It's immaterial to its precision how the lathe is orientated in its environment.
|Peter G. Shaw||16/08/2017 20:31:56|
1170 forum posts
May I refer you to Chapter 9 of Tubal Cain's (pen name of T.D.Walshaw) book Workholding in the Lathe (Workshop Practice Series 15) where he goes into mounting a lathe, and then the reasons for, and how, to set up the lathe.
Peter G. Shaw
5488 forum posts
It was just that the word 'level' when used in reference to setting up a lathe has a different meaning to the usual 'horizontal' or 'flat'. For lathes it means lack of twist and since it can be achieved traditionally using a spirit-level the term has stuck. It causes endless confusion so it would be easier if we had a different word.
If you search this site you will find a lot of previous explanations of how to set up without a precision level as the subject comes up for 50% of the newcomers to the hobby so don't worry you are not alone in being confused by this.
Too many words or not enough? Bit off topic but I think the whole basis of the opposition to the Euro would have been smaller if they hadn't invented a new word for it and just called it the 'new pound' or 'new franc' etc in each country then people wouldn't have seen it as so alien.
|David Standing 1||16/08/2017 20:39:39|
|1289 forum posts|
Unless your comment was tongue in cheek, Ian obviously had a sausage fingers moment and typed 'now' instead of 'not'
6335 forum posts
My take on levelling is that it's a basic engineering tactic used to simplify construction. Buildings are levelled, roads are levelled, drains are installed at an angle to a level, distances are measured on a level, and machine installations are levelled. Levelling provides a reproducible reference both for the base and the verticals.
The construction, which could be a lathe, is designed to ground it's own weight and loadings without the forces involved causing the structure to bend or topple over. This is most easily done by reference to a level. It follows that an object designed with reference to a level should be installed to match the design so that the installation can be checked.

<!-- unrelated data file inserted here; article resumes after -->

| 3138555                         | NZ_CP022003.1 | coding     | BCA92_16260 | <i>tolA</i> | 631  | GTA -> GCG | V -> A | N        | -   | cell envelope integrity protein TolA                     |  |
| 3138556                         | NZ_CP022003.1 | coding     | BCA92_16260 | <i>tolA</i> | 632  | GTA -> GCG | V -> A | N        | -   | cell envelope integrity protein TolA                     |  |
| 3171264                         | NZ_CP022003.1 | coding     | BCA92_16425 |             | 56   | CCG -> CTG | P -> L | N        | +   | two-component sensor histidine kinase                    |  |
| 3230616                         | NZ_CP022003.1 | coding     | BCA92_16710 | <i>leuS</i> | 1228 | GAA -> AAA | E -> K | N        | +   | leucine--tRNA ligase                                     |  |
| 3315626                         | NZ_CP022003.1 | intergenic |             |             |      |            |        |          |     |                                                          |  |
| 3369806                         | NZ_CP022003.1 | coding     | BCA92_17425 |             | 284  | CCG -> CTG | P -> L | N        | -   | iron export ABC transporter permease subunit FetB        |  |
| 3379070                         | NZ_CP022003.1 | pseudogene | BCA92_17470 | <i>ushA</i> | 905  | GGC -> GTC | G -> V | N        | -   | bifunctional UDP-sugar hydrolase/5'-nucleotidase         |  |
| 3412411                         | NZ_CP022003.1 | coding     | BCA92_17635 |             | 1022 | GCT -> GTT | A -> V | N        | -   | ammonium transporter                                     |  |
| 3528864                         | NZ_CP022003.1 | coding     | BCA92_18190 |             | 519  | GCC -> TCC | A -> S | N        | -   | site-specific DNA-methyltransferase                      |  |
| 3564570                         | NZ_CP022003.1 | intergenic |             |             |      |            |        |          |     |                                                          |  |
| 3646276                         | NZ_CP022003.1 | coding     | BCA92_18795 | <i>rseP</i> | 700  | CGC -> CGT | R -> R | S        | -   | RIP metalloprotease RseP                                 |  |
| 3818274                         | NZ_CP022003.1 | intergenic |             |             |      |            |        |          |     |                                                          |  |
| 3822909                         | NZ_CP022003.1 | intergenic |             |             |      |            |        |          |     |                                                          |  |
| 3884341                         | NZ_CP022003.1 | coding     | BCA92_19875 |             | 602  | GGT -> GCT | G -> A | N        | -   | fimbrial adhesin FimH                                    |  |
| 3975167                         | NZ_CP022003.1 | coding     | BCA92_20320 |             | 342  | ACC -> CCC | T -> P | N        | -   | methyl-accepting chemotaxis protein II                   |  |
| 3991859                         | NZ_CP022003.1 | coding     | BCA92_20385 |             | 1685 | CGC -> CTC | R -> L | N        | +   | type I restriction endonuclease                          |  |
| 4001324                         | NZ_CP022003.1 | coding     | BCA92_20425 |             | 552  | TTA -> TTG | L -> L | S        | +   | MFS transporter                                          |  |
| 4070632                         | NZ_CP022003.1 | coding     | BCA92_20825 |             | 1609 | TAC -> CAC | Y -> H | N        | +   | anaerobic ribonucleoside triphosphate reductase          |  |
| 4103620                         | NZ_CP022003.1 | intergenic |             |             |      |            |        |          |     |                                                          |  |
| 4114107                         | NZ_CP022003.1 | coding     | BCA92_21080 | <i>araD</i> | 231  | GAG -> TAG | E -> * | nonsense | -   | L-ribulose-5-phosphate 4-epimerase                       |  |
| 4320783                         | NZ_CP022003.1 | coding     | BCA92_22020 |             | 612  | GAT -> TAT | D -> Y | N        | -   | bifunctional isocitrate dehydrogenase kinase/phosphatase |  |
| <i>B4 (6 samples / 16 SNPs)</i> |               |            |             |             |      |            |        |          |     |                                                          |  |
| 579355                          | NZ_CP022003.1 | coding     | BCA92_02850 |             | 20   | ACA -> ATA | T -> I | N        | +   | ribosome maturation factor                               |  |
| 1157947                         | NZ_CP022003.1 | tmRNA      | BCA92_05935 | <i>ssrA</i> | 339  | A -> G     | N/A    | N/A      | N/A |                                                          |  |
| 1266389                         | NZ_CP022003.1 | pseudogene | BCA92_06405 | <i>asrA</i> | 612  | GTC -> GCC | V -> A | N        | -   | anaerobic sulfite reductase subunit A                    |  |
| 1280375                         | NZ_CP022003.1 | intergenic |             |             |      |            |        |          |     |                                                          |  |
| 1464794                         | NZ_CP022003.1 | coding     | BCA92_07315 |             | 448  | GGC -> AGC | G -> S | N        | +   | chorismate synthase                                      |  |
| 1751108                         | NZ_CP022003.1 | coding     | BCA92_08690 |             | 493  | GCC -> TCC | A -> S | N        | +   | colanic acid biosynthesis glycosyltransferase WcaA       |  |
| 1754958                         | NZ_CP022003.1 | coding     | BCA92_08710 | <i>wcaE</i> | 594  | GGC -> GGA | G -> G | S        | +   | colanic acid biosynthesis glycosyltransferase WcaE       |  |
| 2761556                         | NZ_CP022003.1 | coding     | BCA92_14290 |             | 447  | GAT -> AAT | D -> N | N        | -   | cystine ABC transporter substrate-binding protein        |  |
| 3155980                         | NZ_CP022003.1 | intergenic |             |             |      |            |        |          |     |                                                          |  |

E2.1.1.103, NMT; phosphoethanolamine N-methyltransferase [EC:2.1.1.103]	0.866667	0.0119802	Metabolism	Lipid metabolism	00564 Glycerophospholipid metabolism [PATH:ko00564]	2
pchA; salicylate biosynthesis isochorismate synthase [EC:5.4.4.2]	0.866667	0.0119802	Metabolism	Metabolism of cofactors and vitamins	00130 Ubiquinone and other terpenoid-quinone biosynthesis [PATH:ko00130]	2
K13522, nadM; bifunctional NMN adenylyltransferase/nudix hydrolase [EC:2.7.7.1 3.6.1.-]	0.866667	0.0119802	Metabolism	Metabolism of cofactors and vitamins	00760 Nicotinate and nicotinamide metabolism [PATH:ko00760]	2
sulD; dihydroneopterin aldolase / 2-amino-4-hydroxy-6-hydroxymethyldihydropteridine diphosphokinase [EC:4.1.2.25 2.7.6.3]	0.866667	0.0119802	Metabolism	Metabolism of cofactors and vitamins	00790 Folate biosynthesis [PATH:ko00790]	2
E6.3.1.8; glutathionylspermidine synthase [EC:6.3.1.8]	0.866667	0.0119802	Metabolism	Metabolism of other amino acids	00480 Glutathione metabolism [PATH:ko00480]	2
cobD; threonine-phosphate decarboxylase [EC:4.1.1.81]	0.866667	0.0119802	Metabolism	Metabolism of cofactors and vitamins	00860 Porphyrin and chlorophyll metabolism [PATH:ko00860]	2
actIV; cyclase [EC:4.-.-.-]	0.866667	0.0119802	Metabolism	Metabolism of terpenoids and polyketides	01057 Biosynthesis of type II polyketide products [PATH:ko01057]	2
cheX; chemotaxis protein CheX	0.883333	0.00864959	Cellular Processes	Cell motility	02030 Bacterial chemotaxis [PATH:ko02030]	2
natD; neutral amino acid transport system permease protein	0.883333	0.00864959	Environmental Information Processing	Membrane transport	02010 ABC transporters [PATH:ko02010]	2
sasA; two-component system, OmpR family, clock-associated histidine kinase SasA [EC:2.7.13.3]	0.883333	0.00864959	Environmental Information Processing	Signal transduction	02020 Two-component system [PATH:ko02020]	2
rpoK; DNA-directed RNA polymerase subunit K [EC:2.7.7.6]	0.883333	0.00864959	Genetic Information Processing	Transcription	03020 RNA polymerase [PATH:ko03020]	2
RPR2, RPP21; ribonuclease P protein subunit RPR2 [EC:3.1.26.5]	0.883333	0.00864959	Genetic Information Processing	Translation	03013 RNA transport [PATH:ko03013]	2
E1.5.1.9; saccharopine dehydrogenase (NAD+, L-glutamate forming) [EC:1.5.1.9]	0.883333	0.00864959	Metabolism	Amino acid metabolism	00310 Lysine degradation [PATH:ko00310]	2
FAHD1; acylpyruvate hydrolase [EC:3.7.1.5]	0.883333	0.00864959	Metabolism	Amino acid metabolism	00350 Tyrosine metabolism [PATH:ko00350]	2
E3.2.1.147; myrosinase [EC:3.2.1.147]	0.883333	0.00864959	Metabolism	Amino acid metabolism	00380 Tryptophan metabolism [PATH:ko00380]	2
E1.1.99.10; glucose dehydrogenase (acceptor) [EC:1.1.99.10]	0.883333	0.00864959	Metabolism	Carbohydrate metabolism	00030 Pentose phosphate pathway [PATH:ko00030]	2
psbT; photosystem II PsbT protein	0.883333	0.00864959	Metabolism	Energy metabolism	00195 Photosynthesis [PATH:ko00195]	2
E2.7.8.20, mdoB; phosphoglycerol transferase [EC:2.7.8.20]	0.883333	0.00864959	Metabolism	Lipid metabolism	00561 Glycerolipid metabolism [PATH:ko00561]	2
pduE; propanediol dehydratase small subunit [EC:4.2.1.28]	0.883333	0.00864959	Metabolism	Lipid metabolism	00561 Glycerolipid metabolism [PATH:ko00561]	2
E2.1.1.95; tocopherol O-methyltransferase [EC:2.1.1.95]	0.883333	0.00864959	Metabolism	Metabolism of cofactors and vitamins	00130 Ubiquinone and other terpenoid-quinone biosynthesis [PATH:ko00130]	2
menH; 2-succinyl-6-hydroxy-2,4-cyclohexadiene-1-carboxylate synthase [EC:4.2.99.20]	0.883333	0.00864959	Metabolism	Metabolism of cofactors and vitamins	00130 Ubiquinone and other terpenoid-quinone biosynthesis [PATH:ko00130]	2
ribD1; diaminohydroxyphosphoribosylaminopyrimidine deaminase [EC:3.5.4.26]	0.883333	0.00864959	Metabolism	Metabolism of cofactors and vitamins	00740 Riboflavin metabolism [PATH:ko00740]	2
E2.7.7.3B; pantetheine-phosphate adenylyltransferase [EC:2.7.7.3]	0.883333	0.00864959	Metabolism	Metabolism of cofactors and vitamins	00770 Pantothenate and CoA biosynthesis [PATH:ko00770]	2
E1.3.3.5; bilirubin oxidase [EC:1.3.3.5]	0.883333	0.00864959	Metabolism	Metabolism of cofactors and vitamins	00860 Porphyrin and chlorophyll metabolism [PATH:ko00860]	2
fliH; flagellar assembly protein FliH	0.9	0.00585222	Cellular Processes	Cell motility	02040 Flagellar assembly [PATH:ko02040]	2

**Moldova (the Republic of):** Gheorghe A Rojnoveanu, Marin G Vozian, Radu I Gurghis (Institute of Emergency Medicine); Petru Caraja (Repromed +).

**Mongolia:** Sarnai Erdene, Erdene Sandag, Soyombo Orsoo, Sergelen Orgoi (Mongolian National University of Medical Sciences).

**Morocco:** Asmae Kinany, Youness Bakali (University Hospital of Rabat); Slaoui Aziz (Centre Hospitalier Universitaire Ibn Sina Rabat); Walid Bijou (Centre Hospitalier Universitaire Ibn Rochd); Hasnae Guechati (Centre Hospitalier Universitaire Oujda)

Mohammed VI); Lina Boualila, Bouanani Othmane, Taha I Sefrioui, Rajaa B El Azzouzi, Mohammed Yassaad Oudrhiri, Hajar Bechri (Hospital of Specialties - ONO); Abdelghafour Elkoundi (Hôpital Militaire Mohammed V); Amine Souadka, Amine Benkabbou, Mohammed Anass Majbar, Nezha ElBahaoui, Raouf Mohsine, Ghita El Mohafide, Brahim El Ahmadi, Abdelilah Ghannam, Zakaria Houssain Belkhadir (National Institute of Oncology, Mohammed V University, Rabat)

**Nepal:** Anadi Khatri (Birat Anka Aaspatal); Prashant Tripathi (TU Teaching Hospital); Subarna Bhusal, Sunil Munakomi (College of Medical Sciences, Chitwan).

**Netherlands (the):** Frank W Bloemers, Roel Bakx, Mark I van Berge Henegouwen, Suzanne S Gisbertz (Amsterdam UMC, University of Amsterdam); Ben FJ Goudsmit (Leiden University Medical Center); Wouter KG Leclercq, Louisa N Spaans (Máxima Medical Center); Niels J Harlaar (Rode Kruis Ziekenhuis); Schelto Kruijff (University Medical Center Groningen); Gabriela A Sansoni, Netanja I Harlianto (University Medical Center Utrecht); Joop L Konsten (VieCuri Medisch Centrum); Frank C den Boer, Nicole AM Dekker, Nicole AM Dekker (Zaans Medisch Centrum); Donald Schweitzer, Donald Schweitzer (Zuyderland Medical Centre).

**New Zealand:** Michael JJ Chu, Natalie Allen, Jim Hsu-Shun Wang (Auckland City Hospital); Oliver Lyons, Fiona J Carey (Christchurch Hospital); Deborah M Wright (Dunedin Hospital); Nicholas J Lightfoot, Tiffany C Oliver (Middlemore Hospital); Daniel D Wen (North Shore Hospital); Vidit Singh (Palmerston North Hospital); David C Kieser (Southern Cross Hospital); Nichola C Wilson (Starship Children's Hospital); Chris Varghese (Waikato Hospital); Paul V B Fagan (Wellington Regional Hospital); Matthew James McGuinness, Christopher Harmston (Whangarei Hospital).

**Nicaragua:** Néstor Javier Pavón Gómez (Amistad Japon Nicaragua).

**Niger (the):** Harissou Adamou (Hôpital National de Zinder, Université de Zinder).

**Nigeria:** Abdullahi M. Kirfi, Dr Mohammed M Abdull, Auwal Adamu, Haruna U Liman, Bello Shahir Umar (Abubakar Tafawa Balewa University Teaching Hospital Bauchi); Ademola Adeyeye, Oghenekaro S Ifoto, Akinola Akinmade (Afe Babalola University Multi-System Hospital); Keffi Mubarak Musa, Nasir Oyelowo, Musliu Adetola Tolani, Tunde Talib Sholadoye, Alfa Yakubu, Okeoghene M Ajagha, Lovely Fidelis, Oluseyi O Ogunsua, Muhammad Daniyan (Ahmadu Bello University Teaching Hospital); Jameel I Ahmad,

Levelling also provides a reference for ensuring alignment of parts during assembly. This is particularly important with any construction that's liable to bend. Everything bends, a big expensive lathe is likely to be more vulnerable to bending than a mini-lathe because the latter is short and stubby. Some machines require more care than others.
Another reason relates to balance: off-centre installation may cause vibration.
In the case of the average lathe, once it's installed, I don't think it matters much if it's operated off level. Lathes are used successfully at sea.
|3309 forum posts|
The Slant Bed lathe (example Willson Lathe Company of Halifax) was a means of using a larger swing over the bed, the spindle being set further back.
Nevertheless the bed is "level", albeit at a downward inclined angle front to back. (Hence jig Nigel B mentioned earlier above).
The axes of a lathe need to be set up true to each other, not of necessity in relation to any other plane. We have called it " levelling", Set true might be a better term?
|Russell Eberhardt||16/08/2017 21:05:02|
2600 forum posts
Google "Rolly's Dad's Method" for the simplest method.
|Carl Wilson 4||16/08/2017 21:33:33|
671 forum posts
|Hello David Thompson.|
I do have some knowledge on the subject. Not a lot, I admit, and probably not as much as many of the luminaries hereabouts.
My posting was intended to be taken with a certain degree of levity. The subject of lathe set up and levelling has been done to death and invariably results in a bun fight between respective camps on whose method us the best.
My words were intended as a bit of a laugh, a sigh and a "here we go again..."
I'm sorry if that didn't come across.
|802 forum posts|
You lot are slacking - 16 posts in before "Rolly's Dad's Method" came up !
Buy or borrow a proper level & do it right.
|Ian P||16/08/2017 23:00:33|
2420 forum posts
Is Rolly's father a different person to the Rollie you mentioned in your first reply (third not sixteenth post) to this thread?